September 2020 Spotlight on SRCD U.S. Federal Policy Fellow: Emily Ross, Ph.D.
At the end of August, I completed my second and final year as a SRCD Executive Branch Policy Fellow in the Office of Planning, Research, and Evaluation (OPRE), which sits within the Administration for Children and Families (ACF) in the Department of Health and Human Services (HHS). OPRE conducts research and evaluation projects to improve the economic and social wellbeing of children and families served by ACF programs. We work closely with both career staff and political appointees in the program offices of ACF, including the Offices of Head Start and Child Care, to ensure that the research being conducted is timely and relevant to support decision-making for those federal programs. OPRE’s research also aims to contribute to the wider knowledge base and build research capacity in the field.
I began the fellowship with a number of questions related to how research and policy intersect. One of my primary interests was to understand the pathway between the creation of a policy, the impact of that policy on families’ lives, and where and how research may be able to influence it along the way. Over the past two years, I learned more about this process through my work developing and now co-leading the contract research project titled Understanding the Role of Licensing in Early Care and Education (TRLECE).
TRLECE was funded to strengthen the field’s understanding of the role of the early care and education (ECE) licensing system in supporting outcomes for children, families, providers, and other stakeholders. A key activity of this project is interviewing state licensing agency administrators to understand the challenges faced when making changes to their licensing system based on new provisions in the law that governs how they operate (i.e., the Child Care and Development Block Grant (CCDBG) Act of 2014). The project also aims to learn more about states’ use of and need for research to help guide decisions to support the licensing system and, ultimately, to foster positive outcomes for children and families.
My work on this project allowed me to learn about the process through which legislation becomes enacted on the ground. I learned that once Congress reauthorizes an existing law such as the CCDBG Act of 2014, the executive branch office responsible for actually implementing the program, such as the Office of Child Care, must then develop a Final Rule. The Final Rule is a document that interprets the legislation and outlines the regulations and guidance for states and/or local programs to follow to ensure they are in compliance with the law. States and localities must then apply that guidance in ways that are appropriate for their particular state. In addition, I learned how research was used at each step of the process through which the CCDBG Act of 2014 was enacted into practice. Therefore, it became clear that there are multiple leverage points for research to have an influence on policy, not only in the development stage, but critically during the implementation of law into practice. Indeed, the TRLECE project will continue to build evidence in this field over the next 4 years, with a goal of producing evidence-based resources to support states and territories in continuing to make decisions about how to strengthen their licensing systems to support children and families.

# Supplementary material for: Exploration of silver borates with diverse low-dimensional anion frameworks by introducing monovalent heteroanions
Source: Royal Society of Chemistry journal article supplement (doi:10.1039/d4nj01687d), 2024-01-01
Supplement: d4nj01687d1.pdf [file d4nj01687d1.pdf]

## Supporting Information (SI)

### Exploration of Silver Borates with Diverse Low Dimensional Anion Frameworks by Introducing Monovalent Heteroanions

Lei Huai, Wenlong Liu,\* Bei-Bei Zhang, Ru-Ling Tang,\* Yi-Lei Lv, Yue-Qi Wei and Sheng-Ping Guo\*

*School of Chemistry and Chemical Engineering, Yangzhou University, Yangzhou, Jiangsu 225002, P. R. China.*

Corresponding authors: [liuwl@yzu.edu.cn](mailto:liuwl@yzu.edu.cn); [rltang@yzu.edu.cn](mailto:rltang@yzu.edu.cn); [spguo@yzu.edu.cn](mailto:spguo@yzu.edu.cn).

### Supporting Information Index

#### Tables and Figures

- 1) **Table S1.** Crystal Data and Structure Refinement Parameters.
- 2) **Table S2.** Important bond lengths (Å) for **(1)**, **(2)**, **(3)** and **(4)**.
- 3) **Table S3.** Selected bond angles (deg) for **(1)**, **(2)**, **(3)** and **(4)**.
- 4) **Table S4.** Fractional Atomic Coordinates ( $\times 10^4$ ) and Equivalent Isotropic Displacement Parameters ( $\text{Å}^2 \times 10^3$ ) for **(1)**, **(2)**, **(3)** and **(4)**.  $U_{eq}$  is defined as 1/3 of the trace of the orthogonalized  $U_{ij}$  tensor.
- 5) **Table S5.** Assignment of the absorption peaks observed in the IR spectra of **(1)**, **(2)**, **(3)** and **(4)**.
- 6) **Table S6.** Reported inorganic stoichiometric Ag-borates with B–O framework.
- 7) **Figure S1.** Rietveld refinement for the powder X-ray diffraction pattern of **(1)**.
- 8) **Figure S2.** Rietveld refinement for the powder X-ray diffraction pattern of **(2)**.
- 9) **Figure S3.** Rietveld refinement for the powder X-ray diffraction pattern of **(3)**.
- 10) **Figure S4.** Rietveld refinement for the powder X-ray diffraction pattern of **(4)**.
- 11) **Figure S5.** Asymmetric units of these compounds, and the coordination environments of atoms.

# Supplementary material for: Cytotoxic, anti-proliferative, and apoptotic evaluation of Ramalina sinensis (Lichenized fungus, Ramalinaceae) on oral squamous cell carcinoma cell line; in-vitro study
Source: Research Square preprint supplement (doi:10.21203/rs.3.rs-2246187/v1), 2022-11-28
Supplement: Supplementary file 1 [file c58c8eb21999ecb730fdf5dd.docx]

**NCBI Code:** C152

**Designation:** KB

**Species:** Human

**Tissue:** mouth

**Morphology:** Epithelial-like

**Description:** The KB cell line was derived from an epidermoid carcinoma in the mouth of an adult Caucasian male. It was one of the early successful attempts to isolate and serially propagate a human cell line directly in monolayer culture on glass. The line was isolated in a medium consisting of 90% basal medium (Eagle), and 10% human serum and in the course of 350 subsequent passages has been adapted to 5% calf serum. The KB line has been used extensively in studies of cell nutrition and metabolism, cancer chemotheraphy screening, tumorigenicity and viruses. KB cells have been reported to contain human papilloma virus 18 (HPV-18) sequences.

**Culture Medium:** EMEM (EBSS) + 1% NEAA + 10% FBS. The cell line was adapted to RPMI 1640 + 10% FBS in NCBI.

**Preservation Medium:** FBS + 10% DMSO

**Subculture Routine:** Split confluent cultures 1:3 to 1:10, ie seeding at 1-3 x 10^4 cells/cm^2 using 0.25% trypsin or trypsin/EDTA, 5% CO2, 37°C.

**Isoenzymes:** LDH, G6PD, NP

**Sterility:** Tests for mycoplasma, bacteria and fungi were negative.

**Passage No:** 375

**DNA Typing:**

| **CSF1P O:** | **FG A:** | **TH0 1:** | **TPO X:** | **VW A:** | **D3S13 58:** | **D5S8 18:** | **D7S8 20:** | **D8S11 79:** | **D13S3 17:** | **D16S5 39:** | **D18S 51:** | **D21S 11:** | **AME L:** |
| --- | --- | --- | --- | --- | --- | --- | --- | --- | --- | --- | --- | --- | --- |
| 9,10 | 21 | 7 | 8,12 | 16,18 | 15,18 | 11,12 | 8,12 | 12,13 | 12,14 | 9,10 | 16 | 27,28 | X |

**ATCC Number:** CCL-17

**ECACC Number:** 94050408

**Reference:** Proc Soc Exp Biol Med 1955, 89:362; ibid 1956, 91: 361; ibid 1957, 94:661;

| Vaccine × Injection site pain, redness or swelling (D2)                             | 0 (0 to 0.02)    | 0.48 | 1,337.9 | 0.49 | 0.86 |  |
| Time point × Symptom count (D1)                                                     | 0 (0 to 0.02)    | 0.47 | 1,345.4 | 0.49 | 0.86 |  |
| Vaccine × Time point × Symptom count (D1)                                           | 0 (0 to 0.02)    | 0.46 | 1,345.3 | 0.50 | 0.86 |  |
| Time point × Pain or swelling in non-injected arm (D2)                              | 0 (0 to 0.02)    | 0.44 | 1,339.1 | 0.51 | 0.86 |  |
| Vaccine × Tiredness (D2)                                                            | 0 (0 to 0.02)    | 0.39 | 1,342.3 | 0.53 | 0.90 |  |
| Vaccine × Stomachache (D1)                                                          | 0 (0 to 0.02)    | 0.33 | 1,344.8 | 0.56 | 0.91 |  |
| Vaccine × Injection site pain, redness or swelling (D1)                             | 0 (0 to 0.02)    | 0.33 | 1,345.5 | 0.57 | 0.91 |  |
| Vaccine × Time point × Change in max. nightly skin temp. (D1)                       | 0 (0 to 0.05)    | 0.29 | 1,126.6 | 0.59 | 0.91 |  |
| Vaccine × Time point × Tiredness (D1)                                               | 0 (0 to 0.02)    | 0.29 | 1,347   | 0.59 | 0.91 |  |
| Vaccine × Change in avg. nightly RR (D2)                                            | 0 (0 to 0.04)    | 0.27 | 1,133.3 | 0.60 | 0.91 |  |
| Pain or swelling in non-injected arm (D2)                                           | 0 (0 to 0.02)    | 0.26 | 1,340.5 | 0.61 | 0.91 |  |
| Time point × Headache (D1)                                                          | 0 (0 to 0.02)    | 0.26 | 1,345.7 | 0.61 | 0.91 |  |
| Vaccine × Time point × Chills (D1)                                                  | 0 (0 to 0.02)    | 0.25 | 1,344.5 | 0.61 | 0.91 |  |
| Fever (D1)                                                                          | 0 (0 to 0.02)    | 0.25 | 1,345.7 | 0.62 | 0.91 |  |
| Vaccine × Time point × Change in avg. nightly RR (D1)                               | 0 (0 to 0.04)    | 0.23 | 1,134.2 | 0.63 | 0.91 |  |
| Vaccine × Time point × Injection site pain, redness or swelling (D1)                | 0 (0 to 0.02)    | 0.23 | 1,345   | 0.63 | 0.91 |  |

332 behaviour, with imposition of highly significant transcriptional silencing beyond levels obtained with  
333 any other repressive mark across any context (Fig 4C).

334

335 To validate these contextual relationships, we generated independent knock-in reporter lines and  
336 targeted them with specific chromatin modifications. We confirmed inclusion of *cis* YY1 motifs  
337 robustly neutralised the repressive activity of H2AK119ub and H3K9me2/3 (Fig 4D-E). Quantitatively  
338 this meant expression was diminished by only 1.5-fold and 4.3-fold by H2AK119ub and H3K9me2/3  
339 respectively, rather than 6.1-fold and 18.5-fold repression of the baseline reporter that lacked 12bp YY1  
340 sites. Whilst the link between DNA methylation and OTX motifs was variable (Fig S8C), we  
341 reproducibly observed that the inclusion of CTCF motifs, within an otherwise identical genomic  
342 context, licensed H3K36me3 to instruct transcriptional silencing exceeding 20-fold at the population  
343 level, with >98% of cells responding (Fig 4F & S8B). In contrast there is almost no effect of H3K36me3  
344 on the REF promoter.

In addition to helping manage multiple research projects like TRLECE, I’ve been fortunate to work closely with the Offices of Head Start and Child Care, through bi-weekly meetings and workgroups, in order to learn about how they operate in the day-to-day and utilize research. Also, I’ve recently received the opportunity to lead new work answering key, shorter-term research questions the Office of Head Start will use to inform program and policy planning over the coming years. This work is just beginning, and will involve managing a team to review existing administrative information and research about topics of interest, as well as potentially interviewing key experts and stakeholders.
My work with the program offices thus far has highlighted the need for research to be timely, accessible, and applicable to the key questions they need to answer. This has been especially apparent during the ongoing COVID-19 pandemic, which required program offices to respond immediately and make significant decisions that have widespread implications for states, providers, and families about childcare access and safety. This immediate and critical need for information also highlighted how OPRE can be nimble in readjusting research priorities to provide support for on-the-ground efforts in a crisis. It has been heartening to see my fellow colleagues in OPRE and the program offices work tirelessly together to identify key questions, analyze existing research and administrative data, modify current data collection efforts, and develop resources to support efforts to provide safe care for children and families who are among the most deeply impacted by this crisis. I am grateful and honored to continue learning from and working alongside those dedicated colleagues as I continue to work for OPRE as a Social Science Research Analyst now that my fellowship has concluded.